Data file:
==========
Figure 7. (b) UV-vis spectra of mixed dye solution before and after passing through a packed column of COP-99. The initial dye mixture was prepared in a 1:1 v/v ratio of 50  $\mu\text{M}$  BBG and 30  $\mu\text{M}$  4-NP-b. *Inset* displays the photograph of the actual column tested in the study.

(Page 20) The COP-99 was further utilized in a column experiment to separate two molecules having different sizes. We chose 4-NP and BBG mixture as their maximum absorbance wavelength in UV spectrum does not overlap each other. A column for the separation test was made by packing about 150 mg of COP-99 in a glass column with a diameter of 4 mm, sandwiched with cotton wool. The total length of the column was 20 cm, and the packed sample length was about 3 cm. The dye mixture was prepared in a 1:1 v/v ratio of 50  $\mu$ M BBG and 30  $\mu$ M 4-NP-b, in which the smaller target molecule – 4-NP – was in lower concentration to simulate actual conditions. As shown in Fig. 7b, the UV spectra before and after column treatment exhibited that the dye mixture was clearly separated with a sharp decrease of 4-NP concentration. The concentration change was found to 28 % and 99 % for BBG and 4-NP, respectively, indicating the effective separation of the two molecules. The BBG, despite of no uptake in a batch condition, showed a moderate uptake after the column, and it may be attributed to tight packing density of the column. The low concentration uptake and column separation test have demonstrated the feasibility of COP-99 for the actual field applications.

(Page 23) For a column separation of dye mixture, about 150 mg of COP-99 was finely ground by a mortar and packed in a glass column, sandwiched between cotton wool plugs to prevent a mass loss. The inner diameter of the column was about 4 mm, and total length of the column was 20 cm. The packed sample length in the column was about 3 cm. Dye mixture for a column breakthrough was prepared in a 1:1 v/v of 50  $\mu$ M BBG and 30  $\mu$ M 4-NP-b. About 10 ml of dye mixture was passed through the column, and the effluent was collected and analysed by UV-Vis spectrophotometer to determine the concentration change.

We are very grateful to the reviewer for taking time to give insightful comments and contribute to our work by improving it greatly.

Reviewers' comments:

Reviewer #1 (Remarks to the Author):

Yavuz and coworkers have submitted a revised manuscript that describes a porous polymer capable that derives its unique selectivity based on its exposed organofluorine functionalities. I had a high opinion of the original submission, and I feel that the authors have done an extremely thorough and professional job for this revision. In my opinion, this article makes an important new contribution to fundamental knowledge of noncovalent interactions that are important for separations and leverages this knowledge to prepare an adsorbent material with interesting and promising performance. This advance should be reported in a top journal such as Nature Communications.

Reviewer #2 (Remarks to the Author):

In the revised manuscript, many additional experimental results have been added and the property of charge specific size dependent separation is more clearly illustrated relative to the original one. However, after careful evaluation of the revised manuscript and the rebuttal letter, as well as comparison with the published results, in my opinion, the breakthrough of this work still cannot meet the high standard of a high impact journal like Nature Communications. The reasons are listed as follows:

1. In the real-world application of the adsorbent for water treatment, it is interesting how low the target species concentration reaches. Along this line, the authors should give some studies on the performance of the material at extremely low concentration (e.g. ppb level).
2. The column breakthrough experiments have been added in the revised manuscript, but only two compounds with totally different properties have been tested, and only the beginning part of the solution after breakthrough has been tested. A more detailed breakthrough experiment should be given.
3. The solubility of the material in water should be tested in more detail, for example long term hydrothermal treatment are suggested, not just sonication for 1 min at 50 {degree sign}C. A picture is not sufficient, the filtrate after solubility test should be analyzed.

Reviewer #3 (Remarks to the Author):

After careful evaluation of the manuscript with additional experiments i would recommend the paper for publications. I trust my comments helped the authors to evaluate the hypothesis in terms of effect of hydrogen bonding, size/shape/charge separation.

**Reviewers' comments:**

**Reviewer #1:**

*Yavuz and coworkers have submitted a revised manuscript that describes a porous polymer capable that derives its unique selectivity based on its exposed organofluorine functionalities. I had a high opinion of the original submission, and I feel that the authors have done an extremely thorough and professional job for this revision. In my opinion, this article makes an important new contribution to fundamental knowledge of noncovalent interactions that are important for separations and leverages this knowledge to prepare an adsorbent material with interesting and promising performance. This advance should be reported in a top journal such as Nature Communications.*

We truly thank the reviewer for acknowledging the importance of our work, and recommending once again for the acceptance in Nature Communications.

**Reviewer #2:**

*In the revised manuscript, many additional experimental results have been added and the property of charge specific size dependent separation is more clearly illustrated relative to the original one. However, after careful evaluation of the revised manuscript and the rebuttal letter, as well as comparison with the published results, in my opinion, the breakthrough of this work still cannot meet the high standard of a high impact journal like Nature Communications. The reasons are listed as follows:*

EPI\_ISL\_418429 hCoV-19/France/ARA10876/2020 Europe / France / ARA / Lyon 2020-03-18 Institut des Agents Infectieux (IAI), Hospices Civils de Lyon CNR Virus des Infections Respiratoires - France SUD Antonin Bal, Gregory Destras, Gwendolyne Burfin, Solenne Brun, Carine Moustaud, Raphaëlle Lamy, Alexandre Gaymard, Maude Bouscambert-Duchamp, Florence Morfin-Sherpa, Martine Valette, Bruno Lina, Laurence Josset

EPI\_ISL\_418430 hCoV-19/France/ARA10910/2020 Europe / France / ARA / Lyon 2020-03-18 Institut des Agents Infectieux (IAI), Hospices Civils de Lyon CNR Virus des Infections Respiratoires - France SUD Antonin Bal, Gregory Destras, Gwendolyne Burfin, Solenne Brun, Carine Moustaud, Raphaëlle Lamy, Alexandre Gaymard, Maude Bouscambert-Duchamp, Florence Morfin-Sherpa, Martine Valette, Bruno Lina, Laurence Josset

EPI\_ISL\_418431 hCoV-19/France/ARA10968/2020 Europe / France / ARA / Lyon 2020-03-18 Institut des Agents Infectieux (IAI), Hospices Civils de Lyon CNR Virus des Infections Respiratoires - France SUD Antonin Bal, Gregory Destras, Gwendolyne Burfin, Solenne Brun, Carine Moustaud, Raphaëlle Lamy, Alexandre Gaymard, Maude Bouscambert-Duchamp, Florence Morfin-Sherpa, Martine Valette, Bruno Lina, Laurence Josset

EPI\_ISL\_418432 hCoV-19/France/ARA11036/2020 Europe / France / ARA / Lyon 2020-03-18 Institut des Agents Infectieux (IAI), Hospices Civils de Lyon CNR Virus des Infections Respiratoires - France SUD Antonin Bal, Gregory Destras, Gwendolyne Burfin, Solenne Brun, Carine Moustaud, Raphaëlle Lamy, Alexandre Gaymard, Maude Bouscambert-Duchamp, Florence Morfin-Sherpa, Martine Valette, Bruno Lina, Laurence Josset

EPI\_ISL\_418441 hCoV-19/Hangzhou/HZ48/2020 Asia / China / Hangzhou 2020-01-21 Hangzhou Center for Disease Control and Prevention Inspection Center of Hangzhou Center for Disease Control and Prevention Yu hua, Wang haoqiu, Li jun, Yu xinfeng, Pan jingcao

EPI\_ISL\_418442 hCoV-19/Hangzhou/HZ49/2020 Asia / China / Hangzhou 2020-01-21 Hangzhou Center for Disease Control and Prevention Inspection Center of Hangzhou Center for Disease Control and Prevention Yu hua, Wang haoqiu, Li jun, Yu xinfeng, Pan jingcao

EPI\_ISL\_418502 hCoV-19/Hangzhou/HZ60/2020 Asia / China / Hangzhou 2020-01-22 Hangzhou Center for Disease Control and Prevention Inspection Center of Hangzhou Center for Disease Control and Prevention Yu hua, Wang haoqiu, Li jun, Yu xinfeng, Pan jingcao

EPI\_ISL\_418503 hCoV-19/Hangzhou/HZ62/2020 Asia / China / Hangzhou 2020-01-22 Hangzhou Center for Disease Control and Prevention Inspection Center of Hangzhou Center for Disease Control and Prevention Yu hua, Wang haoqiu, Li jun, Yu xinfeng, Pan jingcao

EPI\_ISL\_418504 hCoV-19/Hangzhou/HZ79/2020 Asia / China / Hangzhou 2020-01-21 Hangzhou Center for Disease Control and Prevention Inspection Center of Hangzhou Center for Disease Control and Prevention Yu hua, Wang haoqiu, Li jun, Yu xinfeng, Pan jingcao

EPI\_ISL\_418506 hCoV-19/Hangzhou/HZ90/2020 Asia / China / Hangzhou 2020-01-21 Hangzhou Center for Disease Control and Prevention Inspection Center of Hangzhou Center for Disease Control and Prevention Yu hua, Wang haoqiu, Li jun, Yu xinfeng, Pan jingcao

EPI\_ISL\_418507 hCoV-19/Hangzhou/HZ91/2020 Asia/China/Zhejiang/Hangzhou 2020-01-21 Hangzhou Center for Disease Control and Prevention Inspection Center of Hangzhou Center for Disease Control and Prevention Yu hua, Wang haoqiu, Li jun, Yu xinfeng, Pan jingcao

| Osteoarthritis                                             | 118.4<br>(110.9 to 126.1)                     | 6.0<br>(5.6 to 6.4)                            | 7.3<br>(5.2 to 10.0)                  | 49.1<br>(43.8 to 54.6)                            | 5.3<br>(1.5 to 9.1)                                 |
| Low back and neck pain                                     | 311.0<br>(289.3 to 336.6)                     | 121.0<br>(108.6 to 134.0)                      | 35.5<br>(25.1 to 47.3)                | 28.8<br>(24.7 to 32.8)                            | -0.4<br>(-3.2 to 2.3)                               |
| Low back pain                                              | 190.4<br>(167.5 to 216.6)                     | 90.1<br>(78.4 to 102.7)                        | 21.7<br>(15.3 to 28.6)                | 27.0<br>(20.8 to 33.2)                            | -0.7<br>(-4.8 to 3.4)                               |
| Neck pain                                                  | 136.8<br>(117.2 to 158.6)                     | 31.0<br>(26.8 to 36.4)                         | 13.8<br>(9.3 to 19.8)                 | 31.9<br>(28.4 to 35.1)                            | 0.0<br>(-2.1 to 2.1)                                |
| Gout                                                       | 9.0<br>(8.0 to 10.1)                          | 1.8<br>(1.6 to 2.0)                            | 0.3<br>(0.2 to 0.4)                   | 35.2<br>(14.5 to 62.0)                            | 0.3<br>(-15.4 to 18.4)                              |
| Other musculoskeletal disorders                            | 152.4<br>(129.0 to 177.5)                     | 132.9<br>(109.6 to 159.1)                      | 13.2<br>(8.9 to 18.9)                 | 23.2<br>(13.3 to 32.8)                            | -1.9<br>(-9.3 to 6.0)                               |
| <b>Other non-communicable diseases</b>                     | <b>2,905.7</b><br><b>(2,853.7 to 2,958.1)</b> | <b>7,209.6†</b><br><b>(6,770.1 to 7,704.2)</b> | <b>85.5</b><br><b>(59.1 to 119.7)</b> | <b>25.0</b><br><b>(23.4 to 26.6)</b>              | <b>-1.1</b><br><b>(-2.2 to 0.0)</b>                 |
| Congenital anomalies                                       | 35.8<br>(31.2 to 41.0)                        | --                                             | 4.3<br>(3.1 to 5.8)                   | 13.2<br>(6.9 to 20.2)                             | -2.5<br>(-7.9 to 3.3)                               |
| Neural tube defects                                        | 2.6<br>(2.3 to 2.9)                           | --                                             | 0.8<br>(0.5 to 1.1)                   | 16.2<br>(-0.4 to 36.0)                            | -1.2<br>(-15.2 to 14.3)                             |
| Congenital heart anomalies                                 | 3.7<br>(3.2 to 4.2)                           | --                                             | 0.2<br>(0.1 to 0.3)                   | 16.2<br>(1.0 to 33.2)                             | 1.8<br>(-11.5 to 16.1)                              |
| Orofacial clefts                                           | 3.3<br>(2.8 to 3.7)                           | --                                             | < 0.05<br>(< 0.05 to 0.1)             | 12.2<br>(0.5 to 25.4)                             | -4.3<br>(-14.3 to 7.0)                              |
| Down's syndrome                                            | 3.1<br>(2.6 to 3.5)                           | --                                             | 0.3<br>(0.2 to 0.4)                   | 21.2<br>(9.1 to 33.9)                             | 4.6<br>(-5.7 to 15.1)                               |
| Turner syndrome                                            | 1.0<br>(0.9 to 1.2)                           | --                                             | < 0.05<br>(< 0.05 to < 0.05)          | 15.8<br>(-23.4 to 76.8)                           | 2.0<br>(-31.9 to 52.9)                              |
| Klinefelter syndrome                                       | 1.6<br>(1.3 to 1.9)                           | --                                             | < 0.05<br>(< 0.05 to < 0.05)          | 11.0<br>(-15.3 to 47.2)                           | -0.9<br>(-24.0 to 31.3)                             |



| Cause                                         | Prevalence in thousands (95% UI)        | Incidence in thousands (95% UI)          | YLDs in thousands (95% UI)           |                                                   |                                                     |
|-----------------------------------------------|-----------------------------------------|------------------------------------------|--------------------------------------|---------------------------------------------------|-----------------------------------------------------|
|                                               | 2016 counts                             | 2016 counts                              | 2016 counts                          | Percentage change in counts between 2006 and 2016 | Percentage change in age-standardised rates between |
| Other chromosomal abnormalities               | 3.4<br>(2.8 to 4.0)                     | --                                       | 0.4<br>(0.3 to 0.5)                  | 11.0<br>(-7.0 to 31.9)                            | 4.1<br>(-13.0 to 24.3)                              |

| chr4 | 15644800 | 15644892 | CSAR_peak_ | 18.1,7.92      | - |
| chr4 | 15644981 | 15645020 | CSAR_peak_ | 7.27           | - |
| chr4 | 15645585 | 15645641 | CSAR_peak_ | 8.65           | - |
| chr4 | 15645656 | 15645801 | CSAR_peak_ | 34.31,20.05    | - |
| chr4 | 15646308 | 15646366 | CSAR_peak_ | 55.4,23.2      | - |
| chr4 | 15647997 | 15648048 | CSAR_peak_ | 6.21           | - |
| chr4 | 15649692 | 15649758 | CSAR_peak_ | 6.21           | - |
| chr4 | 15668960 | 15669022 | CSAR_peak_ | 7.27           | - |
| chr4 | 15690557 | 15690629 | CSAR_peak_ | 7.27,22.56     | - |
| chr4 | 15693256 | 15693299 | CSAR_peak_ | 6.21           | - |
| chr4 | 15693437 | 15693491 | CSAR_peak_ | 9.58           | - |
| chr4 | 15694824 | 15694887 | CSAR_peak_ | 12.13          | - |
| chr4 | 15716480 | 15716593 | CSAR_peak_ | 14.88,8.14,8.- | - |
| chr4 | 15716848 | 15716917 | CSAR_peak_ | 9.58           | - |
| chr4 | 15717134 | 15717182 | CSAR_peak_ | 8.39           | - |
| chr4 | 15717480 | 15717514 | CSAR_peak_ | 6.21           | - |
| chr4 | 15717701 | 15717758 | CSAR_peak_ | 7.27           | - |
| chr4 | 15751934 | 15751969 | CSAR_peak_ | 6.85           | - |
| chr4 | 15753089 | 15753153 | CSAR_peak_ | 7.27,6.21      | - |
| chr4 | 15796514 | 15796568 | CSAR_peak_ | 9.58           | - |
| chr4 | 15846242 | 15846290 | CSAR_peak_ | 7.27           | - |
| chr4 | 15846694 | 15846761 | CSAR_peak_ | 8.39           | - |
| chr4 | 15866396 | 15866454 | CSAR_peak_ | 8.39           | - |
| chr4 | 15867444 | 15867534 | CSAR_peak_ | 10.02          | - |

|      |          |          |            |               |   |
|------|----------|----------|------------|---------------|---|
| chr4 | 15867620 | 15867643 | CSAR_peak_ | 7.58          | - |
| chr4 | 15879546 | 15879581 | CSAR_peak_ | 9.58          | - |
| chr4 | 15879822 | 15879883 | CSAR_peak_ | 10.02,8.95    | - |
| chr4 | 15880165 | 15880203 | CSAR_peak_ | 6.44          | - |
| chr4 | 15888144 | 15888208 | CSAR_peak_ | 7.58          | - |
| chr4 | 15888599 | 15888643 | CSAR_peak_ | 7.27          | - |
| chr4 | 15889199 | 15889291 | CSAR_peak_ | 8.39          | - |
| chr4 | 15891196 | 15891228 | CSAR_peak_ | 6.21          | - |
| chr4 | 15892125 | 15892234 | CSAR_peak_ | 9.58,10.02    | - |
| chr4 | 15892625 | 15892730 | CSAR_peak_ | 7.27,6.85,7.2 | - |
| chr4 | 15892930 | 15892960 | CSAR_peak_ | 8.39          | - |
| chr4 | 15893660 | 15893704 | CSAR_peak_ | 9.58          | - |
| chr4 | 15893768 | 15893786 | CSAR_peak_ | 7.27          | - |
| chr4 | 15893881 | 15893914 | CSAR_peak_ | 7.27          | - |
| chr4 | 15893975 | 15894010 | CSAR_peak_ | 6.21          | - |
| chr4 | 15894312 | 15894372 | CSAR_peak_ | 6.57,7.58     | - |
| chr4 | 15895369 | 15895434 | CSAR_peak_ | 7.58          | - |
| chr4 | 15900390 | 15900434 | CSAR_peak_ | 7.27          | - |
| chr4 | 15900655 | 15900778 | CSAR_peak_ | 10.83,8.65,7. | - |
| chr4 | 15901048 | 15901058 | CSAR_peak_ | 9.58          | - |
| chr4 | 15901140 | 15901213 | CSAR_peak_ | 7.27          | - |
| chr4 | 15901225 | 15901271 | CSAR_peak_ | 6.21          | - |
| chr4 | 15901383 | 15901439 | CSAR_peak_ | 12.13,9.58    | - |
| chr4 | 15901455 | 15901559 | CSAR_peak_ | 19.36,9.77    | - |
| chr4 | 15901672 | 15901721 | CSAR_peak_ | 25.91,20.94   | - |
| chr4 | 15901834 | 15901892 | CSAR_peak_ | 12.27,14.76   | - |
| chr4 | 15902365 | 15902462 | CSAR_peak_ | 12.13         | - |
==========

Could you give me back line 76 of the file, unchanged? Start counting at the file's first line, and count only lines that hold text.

| chr4 | 15867620 | 15867643 | CSAR_peak_ | 7.58          | - |